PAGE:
Why do we call Newcastle the Toon?
The answer to the question may seem obvious: we call our town the Toon because that’s how Geordies pronounce the word.
We were keen to find out how long the people of Newcastle have been referring to their homeland as the Toon, and where the pronunciation comes from.
And it turns out, next time a southerner ‘corrects’ you on how you to pronounce the words “down”, “town”, “right” and “night” you can point out that it’s them who has been getting it wrang for years.
That’s because, in Old English, the word “tun” which evolved to become town, was pronounced “toon”
Dr Adams Means, a lecturer in the History of the English Language at Newcastle University, explains: “Old English (the language spoken by the Anglo-Saxons, 500 AD up to the Norman conquest) had a word, tun. This meant ‘enclosure, estate, farm, village’. It’s the origin of our present-day English word, town, and survives also as an element in place names like Darlington. In Old English, this word would have been pronounced like “Toon”.
So there you have it, towns have been toons for 1,500 years.
Video will play in
Scouse v Geordie
So why does the rest of England say “town”?
It’s all down to the “Great Vowel Shift”, which is when most of England decided to start mispronouncing words.
Dr Means explains: “Between the 14th and 17th centuries there was a gradual but very significant shift in the pronunciation of vowels in English. This is called the Great Vowel Shift. One effect of this shift was that many words that had previously been pronounced with an ‘oo’ sound came to be pronounced with the ‘ow’ sound we hear in present-day house, now, cow and town.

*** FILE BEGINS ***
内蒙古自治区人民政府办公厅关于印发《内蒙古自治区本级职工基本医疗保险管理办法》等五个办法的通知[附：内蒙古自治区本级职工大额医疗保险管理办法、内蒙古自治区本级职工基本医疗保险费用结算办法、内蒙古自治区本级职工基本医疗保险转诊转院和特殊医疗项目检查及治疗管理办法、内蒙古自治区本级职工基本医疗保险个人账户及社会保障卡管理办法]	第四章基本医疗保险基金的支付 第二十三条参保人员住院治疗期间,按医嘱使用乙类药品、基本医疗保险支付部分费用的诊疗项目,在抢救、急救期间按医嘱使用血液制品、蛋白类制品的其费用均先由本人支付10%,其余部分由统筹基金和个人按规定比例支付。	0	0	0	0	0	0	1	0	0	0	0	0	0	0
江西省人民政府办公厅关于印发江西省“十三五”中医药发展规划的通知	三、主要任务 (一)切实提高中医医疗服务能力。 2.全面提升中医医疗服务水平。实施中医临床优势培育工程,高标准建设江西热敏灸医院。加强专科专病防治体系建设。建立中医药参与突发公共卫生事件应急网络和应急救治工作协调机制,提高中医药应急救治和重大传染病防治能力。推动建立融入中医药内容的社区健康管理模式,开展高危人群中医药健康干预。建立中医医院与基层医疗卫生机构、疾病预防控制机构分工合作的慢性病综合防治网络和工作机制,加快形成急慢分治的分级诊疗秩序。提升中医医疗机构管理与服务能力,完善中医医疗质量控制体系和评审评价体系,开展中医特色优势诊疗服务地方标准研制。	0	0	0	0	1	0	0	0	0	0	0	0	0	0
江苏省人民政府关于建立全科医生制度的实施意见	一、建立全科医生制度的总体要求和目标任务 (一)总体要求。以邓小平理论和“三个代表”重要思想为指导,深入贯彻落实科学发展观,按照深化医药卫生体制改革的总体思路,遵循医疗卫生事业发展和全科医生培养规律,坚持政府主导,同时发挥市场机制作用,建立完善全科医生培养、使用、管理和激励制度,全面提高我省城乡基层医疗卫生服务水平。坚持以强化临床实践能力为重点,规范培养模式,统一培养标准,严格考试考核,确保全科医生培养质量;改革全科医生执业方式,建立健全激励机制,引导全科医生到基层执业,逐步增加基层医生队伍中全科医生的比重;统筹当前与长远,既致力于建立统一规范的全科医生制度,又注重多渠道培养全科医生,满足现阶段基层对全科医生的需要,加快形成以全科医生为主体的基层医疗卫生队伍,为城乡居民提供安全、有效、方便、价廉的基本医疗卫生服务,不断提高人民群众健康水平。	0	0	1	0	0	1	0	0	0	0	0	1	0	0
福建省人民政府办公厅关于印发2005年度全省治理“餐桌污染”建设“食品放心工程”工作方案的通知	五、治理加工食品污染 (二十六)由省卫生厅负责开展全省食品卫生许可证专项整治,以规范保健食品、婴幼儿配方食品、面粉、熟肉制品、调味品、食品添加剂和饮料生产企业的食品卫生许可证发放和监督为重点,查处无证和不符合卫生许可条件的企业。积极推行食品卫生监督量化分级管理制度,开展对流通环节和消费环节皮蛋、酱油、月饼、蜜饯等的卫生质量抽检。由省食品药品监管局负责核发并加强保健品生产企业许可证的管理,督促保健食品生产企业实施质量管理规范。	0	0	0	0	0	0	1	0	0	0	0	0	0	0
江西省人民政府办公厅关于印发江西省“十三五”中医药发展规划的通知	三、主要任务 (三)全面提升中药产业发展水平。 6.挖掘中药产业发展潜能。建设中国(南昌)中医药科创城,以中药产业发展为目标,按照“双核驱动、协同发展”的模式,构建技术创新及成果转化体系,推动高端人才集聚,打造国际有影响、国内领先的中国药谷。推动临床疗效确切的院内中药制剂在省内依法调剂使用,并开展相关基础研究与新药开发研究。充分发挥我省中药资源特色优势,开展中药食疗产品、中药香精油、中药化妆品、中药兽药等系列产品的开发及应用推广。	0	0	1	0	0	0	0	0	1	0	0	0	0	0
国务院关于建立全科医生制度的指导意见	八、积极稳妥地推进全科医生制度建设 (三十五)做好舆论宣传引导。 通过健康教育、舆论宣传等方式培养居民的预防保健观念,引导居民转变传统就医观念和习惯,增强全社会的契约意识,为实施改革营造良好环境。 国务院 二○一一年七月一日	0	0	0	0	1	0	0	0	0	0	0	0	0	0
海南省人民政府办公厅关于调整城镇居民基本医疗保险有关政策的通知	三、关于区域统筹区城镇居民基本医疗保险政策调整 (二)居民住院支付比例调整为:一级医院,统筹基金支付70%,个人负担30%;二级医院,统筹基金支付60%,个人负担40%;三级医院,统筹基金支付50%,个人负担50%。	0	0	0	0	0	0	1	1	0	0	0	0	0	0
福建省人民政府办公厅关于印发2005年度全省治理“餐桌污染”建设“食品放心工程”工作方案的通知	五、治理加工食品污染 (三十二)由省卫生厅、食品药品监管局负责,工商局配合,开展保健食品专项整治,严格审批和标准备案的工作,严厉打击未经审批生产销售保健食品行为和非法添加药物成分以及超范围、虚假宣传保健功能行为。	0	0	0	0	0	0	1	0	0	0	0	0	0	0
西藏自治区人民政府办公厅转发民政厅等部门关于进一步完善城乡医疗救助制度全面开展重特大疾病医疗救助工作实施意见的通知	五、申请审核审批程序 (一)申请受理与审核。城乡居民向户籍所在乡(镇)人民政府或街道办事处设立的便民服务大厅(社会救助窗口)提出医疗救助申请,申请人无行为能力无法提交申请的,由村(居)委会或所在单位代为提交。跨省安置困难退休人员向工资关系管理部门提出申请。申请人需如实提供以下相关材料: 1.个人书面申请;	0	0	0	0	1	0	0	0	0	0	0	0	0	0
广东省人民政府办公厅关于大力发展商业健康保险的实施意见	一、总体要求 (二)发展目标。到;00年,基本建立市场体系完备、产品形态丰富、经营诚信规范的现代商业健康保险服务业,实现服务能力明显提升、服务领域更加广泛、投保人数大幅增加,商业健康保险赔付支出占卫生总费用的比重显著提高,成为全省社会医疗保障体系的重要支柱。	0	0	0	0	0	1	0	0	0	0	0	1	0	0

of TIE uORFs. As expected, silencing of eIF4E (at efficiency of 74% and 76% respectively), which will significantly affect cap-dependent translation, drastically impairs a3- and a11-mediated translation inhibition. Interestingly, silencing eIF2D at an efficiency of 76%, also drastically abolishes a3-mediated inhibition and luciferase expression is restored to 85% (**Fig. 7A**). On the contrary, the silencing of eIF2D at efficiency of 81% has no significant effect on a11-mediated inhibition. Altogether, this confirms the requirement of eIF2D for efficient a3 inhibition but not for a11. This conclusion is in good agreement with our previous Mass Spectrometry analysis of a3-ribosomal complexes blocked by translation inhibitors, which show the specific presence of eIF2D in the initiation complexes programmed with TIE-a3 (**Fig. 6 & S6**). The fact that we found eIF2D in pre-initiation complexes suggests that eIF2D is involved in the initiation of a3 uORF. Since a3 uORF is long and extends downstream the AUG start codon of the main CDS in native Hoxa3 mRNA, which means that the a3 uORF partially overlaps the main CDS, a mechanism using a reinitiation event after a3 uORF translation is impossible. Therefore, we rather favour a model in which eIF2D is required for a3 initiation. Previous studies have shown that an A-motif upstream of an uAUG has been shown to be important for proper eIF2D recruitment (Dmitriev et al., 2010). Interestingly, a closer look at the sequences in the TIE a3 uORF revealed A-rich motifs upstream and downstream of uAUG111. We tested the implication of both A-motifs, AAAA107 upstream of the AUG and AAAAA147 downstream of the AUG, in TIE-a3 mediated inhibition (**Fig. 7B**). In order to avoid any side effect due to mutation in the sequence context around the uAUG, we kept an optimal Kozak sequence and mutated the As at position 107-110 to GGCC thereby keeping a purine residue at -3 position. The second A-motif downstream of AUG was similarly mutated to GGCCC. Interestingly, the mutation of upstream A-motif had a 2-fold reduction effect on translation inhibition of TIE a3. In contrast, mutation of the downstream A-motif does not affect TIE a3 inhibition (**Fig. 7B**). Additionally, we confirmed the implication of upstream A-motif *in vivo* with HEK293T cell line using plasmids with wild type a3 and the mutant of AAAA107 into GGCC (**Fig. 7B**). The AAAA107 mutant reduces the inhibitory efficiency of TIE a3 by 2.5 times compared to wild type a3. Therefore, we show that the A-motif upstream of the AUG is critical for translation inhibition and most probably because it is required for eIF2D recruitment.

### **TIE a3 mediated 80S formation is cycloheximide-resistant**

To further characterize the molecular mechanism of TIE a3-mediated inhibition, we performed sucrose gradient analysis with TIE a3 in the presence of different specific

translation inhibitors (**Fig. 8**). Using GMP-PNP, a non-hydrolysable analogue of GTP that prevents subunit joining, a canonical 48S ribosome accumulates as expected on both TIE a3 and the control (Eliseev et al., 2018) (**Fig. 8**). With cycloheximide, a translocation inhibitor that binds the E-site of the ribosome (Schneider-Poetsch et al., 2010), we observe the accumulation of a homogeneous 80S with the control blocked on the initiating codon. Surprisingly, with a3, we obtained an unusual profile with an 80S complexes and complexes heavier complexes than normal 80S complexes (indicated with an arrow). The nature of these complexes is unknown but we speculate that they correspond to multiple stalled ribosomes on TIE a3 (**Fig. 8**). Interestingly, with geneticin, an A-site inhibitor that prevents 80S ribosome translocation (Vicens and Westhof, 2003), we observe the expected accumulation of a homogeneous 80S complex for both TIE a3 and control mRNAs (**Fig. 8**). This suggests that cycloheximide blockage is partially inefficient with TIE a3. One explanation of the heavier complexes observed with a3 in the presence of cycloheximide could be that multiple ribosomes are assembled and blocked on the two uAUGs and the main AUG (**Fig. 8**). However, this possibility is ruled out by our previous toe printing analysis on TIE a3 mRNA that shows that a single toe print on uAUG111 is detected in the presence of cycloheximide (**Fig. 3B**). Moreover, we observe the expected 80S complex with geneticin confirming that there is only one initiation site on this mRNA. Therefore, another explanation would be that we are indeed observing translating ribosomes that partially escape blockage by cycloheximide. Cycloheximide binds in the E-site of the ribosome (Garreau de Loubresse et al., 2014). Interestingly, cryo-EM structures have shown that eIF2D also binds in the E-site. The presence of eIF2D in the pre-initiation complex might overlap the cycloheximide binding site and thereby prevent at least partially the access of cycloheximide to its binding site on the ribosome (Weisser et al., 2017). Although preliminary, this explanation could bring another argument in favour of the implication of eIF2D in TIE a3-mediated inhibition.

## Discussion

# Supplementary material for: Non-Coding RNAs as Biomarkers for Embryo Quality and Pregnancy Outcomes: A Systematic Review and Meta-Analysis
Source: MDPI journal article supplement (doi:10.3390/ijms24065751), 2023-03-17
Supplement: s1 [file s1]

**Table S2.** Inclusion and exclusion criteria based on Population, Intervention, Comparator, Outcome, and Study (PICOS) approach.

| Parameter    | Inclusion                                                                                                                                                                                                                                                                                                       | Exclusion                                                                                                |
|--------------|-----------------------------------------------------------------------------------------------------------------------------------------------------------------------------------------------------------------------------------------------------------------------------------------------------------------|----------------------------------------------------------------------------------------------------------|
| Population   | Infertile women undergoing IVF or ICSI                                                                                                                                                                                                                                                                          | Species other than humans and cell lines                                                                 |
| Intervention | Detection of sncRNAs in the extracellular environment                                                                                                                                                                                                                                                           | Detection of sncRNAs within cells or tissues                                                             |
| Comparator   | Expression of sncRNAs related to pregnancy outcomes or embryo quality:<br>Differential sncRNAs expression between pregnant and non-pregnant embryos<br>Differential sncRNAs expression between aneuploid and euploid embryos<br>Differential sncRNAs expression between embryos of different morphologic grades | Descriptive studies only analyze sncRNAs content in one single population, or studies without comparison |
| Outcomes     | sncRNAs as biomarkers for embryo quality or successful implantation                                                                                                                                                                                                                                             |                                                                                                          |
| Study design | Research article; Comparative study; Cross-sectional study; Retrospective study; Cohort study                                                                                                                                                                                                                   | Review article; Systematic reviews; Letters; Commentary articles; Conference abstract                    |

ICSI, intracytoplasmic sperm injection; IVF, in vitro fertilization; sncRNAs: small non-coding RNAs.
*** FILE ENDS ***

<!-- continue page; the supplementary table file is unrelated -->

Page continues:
“Although the Great Vowel Shift affected most accents of English, some areas remained unaffected. In Scotland, for example, and in the north of England many people would still have been saying ‘hoose’ for house and ‘toon’ for town.”
How come we have changed some words but not others?
The old, “unshifted” pronunciation became rooted as a feature of traditional or broad accents in the North East.
Although some similar words did change, and people may not always pronounce words like “frown” as “froon”, many terms are still frequently said in the same way they used to be. Geordies, Mackems, Northumbrians, Sanddancers et all are rightly proud of their heritage, and show it through the unique way they talk.
While many seem to interchange the two “ow/oo” pronunciations, others still stick to the old or new way. But even for the most Queen’s English of North Easterners, the “Toon” is the one Old English word they hang on to, even if it is just to refer to Newcastle as a city or its football team.
Why does Toon specifically mean Newcastle?
It doesn’t have to – obviously you could be talking about any town, but it’s clear that to most the “Toon” primarily refers to the city on the Tyne’s north bank, or Newcastle United.
Again, it’s probably to do with identity. Due to the football team, and Newcastle’s place as the North East’s key city, the word “Toon” is synonymous with Newcastle.
Dr Means said: “Although the accent has changed, and many people on Tyneside now wouldn’t pronounce house as “hoose”, or now as “noo” – or even town as “toon” when talking about towns in other parts of the country – the traditional pronunciation of town as “toon” has become so strongly linked with the city that it has become a synonym for the city itself – so, Newcastle is the Toon.”
Source : Chroniclelive